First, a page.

As for me, I haven't been on public transportation in over 10 years. Now that this happened [with Eric], I’m so afraid of the police. I don’t like police contact; I don’t want it. You know, I’ve had three incidents since my husband’s death with the police. I was in my cousin’s car and she ran a red light accidentally [while making a left-hand turn]. She was too far across the intersection to not go through the red light, too far to reverse. Just made the turn. The cop pulled her over. He looked in the car, he saw me, he said, “Oh, so you think you could do what you want to do because you have Miss Garner in your car?” And I’m like…
Then there was another incident where I was on Sixth Avenue and 14th Street just shopping and minding my business, in the phone store. I came out the phone store, and a cop looked at me and said, “Well that’s that bitch that had Daniel Pantaleo fired.” And I’m like, wow. Let me just get in this cab and get my ass back in the house. You know? It’s at a point where I feel like I have to be a hermit; I feel like I’m being attacked by the police. The third time was when I went to Staten Island—I hadn’t been back in a while [since I moved]—I got off the ferry and the police that were in the terminal were looking at me. Some of them say, “Hello, how are you Miss Garner?” And some of them just look at me. This look, like they hate me from the pit of their stomachs, from the gut.
How do you feel now that the filmmaking process is over and there’s going to be this unveiling of the “verdict” in a week?
I don’t even know how I feel about that because I feel that Daniel Pantaleo should have been prosecuted in the real world, and I think he should be in jail right now instead of trying to get his job back. He murdered my husband, you know, and not only him, the other five officers, the EMS workers that didn’t give him any help. I think they all should be prosecuted, but it’s too late for that now.
I’m not going to say I forgot about it, but I kind of put it out of my mind and I’m just trying to move forward with my life. It only comes back into fruition when I’m talking about the film and stuff like that. Then the memory starts to flood back. But for the most part in everyday life, I just try to move on and that’s it. Not that I’ll never forget, but I damn sure won’t be offering forgiveness. OK. That’s something that has never happened. You know, my mother-in-law [Eric’s mother Gwen Carr] could sit up there and say that she forgives now and all that, that’s her business, that’s on her. Me, I’ll never forgive Pantaleo or the other officers. There will never be any forgiveness in my heart for that man.
When you got involved in the film, did you feel like it was going to help you move on? What did you feel like it could do for you?
I just wanted a fair, unbiased trial, even though it wasn’t real. I just wanted my own self-satisfaction to see normal people with sympathy judge for themselves what they think should’ve happened. Never mind the law and all the rigmarole and all the technicalities and all of that. I just wanted to see some real human emotion from people who have sympathy. Not the people who say, “Oh he was resistant” or “He was not a good person in society, so he should be dead.” Cause I’ve heard that too.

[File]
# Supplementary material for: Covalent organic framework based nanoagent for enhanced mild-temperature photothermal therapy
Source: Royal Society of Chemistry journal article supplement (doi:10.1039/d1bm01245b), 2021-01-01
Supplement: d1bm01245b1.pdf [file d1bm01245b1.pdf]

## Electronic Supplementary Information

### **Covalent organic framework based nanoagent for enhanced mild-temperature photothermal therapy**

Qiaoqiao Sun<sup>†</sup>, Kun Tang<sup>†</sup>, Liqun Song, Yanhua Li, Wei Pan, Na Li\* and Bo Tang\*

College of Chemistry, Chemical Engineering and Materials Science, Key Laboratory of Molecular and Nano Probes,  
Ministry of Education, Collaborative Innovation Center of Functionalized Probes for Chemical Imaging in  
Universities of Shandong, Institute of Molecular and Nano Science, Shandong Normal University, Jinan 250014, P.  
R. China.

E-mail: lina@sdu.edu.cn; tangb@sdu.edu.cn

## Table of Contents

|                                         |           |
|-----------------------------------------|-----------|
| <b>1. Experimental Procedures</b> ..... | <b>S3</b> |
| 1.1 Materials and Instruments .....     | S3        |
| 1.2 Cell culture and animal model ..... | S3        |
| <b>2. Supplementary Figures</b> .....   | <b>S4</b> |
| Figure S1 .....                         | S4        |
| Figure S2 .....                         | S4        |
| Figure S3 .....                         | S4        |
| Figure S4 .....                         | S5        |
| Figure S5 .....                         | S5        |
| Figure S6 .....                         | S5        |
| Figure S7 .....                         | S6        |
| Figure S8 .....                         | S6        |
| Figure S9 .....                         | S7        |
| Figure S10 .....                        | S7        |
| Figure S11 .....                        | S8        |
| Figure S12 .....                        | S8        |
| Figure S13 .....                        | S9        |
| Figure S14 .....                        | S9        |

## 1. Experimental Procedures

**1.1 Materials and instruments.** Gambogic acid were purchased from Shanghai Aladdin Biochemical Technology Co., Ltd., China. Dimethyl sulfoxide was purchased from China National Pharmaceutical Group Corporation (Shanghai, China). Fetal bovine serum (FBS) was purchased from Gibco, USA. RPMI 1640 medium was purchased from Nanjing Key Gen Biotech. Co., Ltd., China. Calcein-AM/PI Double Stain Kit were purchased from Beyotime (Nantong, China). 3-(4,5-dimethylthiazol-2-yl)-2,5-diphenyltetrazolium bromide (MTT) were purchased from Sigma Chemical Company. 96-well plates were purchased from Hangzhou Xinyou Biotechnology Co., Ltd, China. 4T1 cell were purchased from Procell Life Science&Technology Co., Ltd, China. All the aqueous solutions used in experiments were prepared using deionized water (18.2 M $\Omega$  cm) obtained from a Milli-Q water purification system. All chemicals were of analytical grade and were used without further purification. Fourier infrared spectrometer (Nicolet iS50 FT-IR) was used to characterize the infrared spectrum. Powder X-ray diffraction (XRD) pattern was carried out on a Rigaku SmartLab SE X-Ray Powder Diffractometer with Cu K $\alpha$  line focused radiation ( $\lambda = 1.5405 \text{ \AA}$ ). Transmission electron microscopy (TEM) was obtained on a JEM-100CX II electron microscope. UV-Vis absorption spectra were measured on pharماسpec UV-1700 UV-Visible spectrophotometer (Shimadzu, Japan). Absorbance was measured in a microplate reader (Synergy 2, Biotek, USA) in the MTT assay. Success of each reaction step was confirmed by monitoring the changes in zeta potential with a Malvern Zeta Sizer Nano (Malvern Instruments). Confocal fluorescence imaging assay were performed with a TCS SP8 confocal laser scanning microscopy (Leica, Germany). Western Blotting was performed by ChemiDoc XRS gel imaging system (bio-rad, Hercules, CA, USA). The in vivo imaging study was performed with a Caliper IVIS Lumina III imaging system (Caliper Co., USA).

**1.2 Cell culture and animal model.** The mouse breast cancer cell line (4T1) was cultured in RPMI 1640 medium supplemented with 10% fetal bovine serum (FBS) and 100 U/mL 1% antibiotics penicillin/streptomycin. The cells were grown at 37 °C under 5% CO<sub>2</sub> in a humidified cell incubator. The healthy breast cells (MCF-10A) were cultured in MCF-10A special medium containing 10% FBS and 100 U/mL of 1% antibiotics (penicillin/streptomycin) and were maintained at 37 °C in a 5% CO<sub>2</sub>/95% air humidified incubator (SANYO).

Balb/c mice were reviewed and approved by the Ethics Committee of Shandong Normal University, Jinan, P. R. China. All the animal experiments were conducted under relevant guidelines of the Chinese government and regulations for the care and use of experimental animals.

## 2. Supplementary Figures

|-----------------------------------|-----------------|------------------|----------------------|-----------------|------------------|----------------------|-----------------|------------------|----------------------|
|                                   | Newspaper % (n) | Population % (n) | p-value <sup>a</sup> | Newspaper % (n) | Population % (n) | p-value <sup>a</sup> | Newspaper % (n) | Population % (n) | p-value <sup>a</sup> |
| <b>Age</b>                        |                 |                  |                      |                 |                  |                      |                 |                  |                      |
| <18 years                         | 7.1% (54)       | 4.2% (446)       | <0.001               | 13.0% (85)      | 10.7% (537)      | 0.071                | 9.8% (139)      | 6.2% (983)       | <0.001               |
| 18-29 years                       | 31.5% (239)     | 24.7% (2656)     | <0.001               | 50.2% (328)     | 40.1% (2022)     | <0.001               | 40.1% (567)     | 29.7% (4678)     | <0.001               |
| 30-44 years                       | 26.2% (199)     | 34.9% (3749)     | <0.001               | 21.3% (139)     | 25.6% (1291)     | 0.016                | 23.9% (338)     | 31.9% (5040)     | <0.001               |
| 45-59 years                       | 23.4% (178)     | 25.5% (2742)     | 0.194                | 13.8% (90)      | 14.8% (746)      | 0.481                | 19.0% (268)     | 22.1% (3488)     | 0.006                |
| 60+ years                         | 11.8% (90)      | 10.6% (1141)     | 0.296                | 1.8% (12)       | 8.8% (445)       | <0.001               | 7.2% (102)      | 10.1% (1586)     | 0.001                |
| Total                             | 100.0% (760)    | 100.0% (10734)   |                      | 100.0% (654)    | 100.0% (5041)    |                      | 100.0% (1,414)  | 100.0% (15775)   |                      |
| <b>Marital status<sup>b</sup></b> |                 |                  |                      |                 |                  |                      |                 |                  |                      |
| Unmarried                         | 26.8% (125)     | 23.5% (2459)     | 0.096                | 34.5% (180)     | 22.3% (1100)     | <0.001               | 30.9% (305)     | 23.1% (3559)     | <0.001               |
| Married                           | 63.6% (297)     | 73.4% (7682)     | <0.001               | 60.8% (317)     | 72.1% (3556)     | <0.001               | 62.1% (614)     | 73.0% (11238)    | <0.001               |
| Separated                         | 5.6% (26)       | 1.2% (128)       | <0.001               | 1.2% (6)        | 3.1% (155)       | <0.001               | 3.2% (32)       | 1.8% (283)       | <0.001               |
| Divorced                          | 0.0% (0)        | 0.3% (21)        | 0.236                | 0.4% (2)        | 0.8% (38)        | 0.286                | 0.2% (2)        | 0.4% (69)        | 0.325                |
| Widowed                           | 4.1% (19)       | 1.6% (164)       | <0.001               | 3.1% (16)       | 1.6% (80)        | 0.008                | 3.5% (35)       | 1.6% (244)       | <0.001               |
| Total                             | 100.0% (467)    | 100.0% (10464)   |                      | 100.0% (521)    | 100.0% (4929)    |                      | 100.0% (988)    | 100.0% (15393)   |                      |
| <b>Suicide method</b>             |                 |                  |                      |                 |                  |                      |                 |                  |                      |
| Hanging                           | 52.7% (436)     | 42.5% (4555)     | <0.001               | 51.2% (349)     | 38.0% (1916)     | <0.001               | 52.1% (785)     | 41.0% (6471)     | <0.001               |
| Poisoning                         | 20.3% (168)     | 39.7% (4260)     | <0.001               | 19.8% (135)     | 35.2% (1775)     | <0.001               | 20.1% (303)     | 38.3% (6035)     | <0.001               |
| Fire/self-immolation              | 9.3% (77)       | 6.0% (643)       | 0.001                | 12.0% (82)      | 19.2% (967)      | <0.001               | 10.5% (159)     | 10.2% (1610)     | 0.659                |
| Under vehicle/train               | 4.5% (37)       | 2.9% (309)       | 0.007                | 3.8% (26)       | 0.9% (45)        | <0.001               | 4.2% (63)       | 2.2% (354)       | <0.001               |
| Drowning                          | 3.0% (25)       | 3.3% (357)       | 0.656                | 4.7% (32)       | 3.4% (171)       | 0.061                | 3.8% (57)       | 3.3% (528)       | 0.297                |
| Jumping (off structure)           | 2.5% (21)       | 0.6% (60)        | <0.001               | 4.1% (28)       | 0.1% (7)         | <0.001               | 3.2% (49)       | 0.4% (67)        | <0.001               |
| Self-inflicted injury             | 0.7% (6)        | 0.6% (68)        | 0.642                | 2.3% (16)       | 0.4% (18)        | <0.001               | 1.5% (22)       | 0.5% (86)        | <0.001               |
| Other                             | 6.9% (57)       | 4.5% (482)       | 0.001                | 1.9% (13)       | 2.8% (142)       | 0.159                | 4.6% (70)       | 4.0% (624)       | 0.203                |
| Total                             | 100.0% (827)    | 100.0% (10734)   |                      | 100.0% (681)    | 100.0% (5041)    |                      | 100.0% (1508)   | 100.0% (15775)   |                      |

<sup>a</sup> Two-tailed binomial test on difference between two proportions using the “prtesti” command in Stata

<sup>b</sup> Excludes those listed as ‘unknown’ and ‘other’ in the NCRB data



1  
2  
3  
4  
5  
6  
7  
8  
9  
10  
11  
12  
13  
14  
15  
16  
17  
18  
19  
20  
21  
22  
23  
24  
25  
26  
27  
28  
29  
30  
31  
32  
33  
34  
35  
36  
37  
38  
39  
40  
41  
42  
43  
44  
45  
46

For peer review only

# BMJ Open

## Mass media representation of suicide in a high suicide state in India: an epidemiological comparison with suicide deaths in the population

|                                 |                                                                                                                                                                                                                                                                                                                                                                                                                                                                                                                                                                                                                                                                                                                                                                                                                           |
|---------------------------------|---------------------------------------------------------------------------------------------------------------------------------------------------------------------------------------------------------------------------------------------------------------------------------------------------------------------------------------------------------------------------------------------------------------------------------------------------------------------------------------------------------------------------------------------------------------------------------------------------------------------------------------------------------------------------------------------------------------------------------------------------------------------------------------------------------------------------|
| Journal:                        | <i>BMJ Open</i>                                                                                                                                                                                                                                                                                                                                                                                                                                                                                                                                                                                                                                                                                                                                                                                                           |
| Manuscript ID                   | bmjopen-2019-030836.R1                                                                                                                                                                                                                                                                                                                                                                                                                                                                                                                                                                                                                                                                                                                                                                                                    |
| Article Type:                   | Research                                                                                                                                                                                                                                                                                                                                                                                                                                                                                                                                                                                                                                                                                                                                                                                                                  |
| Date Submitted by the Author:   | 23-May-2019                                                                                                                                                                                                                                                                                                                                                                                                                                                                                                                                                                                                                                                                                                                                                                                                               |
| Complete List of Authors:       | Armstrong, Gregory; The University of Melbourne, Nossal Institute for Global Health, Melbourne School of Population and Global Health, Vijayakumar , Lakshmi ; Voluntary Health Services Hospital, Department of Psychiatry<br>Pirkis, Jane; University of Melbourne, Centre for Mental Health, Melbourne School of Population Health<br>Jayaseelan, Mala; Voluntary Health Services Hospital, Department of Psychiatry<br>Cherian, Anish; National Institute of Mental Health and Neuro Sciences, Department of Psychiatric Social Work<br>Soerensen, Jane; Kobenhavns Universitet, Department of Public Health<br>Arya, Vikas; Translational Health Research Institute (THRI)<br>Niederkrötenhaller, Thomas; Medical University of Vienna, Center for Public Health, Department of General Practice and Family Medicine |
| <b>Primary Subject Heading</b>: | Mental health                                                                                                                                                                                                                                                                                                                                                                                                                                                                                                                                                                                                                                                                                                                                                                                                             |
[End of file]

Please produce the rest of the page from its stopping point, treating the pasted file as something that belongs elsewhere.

That’s such a bizarre yet common thing—the people who move to think like prosecutors, just regular people who think that way. I always find that so alarming, the existence of people who think that the entire world should work like a severely punitive legal system—it’s really dark.
It's horrible. Because imagine if it was vice versa—if Eric was white and all of those officers were black. Or if the officers were white and Eric was white, too. Right? They had it out for him. That was not the first time that day he encountered Daniel Pantaleo. That was not the first time that he encountered Staten Island Police. And Staten Island is a racist borough anyway—let’s just put that out there. It’s racist. I lived on Staten Island nine years and I tell you, I never really traveled off Jersey Street or past State Street because Hill, South Beach, all that’s white. They’re all white and they don’t like black people. And I’m mixed. I told you my mom is Jewish—my grandfather was a rabbi. He [was ultra-orthodox]. But he married a black American woman, they had children, and my mother is a product of that. And my godparents are Italian from Italy. My godmother’s name was Angelina Martenico. I had an Uncle Dominick.
I have a diverse background, a lot of different nationalities in my family, yet I’ve never been subjected to such racist shit until I moved to Staten Island. As soon as it happened, I was out of there in two weeks. I was gone.
American Trial premiered at the New York Film Festival last year, and was released digitally on May 18. On May 21, there will be a virtual livestream Q&A where the verdict, decided by viewers, will be announced.